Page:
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WD Blue SN500 review: Incredible value for money

Bolt from the blue

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SSD prices may have been falling over recent months, but adding a super fast NVMe SSD to your PC is still one heck of an expensive upgrade, especially if you’re after something like our best gaming SSD champion, the Samsung 970 Evo. A 250GB stick of Evo goodness will set you back around £80 / $85 these days, with prices pretty much doubling if you want to move up to 500GB. There are cheaper NVMe SSDs around, of course, such as the competitive Adata XPG SX6000 Pro, which currently goes for £54 / $57 for 256GB, but you’re still looking at around $85 / $100 if you’d prefer the extra leeway of a 512GB stick.

Enter the WD Blue SN500, Western Digital’s new entry-level NVMe SSD that starts at just £47 / $55 for the 250GB model, and a mere £69 / $78 for the top 500GB version. On paper, it’s nowhere near as fast as its more expensive competition, but in practice the Blue SN500 puts up a surprisingly good fight, offering excellent value for money for budget-conscious buyers.

I was sent the 500GB WD Blue SN500 for review, whose sequential read and write speeds top out at a rather modest 1700MB/s and 1450MB/s respectively. The 250GB model, meanwhile, has the same sequential read speed but a slightly slower sequential write speed of 1300MB/s. Regardless of which capacity you go for, though, both sets of figures are a far cry from the high-2000 / low-mid 3000MB/s figures you’ll see quoted on the boxes of other rival NVMe SSDs. For once, however, they’re actually reasonably accurate.

When I put the 500GB Blue SN500 through AS SSD’s 1GB sequential test, for example, it returned a read speed of 1288MB/s and a practically bang-on write speed of 1424MB/s. Other SSDs, including WD’s own Black SN750 model, are usually at least 1000MB/s short when I’ve put their sequential read speed to the test, and a good 500MB/s behind their quoted sequential write speed, too.

Already, then, the Blue SN500 feels like a more honest buy than other NVMe SSDs out there, and it continued to impress when I put it through AS SSD’s random speed tests as well. After all, sequential speeds aren’t really a very good indicator of how an SSD will perform in every day use, as they rarely read and write data in nice adjacent blocks. Instead, they’re fetching bits from here, there and everywhere, which is why having a good random read and write speed is so important.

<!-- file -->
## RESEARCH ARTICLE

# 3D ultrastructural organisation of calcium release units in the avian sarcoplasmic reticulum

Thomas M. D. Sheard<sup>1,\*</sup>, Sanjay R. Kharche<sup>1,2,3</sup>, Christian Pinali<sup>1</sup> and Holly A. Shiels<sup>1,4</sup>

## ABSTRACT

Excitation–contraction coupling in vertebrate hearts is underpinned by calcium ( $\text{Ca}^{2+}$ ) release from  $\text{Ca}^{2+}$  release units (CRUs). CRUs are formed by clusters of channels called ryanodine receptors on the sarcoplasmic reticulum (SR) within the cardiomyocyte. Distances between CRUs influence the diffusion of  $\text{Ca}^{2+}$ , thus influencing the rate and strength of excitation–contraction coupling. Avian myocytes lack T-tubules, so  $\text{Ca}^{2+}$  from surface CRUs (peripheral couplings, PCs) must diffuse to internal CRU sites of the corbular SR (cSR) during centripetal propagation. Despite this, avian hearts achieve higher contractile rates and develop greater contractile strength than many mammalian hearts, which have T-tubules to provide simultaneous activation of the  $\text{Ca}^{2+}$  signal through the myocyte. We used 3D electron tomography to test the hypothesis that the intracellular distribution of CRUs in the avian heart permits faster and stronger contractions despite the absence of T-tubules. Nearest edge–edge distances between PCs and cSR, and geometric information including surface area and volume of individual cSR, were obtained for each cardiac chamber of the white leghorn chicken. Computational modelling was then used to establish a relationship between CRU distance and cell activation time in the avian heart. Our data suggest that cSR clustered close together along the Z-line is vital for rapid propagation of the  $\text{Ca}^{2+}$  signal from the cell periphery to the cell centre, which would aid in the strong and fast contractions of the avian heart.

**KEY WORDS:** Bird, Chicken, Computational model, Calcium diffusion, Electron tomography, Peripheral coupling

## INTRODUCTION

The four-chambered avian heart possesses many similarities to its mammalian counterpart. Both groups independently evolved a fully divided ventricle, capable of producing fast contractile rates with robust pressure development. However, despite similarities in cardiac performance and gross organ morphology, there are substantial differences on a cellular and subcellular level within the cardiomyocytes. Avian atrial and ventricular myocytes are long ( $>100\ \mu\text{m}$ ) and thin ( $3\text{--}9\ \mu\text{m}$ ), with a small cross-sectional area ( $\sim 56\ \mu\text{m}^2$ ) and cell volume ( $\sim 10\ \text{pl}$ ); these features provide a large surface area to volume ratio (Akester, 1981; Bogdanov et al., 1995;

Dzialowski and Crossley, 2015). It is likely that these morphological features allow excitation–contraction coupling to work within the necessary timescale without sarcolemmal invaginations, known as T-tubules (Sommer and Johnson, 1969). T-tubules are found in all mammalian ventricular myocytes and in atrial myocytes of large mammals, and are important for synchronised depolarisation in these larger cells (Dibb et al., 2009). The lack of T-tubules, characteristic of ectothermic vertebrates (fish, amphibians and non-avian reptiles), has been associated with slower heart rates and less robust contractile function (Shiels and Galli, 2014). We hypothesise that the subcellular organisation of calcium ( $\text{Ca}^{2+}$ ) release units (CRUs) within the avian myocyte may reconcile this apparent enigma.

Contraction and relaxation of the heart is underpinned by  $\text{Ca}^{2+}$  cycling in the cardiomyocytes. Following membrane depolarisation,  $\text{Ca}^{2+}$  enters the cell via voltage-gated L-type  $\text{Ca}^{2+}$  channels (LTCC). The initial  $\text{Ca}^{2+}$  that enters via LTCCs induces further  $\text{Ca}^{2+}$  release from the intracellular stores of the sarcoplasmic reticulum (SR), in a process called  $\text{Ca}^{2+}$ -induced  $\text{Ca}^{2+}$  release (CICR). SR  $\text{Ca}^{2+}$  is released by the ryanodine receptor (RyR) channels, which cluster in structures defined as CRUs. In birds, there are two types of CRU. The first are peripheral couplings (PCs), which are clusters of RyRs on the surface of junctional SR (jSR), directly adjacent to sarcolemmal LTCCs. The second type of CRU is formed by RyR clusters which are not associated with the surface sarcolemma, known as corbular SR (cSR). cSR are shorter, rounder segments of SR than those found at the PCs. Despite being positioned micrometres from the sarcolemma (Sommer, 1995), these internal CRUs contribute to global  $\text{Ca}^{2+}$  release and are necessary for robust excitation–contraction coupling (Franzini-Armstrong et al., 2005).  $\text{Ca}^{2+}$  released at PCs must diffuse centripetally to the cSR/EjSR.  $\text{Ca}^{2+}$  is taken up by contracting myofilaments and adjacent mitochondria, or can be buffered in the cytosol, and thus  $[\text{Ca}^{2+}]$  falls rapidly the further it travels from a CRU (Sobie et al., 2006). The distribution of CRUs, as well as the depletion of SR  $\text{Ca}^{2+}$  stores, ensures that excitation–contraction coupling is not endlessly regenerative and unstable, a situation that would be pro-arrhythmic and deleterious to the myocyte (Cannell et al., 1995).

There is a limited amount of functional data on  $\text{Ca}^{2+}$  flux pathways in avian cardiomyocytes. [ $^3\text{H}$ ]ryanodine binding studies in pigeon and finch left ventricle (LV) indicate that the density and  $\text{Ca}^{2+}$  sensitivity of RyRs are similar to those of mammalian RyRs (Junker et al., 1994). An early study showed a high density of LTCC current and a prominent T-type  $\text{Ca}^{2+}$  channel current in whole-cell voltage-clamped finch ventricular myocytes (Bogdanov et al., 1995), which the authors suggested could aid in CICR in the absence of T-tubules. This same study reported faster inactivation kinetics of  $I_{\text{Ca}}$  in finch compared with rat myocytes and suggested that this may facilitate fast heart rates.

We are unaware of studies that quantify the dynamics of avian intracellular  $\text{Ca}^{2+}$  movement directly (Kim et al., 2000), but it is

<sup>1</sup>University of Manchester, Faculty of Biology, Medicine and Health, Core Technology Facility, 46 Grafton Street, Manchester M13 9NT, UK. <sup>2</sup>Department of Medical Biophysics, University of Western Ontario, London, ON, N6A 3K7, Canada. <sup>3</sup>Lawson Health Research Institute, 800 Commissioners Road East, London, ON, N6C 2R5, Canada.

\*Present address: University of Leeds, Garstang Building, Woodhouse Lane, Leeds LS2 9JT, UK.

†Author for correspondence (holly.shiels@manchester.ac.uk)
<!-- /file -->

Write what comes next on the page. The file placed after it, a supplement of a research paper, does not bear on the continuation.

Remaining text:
Indeed, the Blue SN500’s random read speed of 44.5MB/s is right up there with the very best NVMe SSDs around, putting it neck and neck with WD’s Black SN750 and slightly older Black 3D NVMe SSD and only 10MB/s or so behind Samsung’s 970 Evo. That’s impressive for an SSD of this price and miles better than the 25MB/s random read speed of Adata’s XPG SX6000 Pro.

Admittedly, the Blue SN500 drops the ball a bit when it comes to random write speed, but I’d argue its score of 131MB/s is still perfectly acceptable given its low cost. Sure, you’ll get closer to 145MB/s on the Adata, and almost 170MB/s on the Samsung or WD Black SN750, but are those extra seconds / minutes really worth paying almost double the money? I’m not convinced.

Moreover, you’re still getting a significant leg-up over traditional SATA SSDs as well, such as the similarly-priced Samsung 860 Evo, whose 250GB model can currently be had for £53 / $58, and 500GB stick for £78 / $78. This produced random read and write speeds of 40MB/s and 98MB/s when I tested it last year, making the WD Blue SN500 much better value for money overall.

In fact, as long as you’ve got a motherboard that supports NVMe SSDs, then you’d almost be silly not to get the WD Blue SN500 at this price (£47 / $55 for 250GB and £69 / $78 for 500GB), especially if you’ve been eyeing up something like the 860 Evo as well. The Blue SN500 isn’t just faster than a SATA SSD, after all – it’s also easier to install, slotting straight into your motherboard without the need for any pesky cables. Throw in a nice five year warranty as well and you’re laughing. It’s my new best gaming SSD winner.

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Who am I?

Katharine Castle

Hardware Editor

Katharine writes about all the bits that go inside your PC so you can carry on playing all those lovely games we like talking about so much. Very partial to JRPGs and the fetching of quests.

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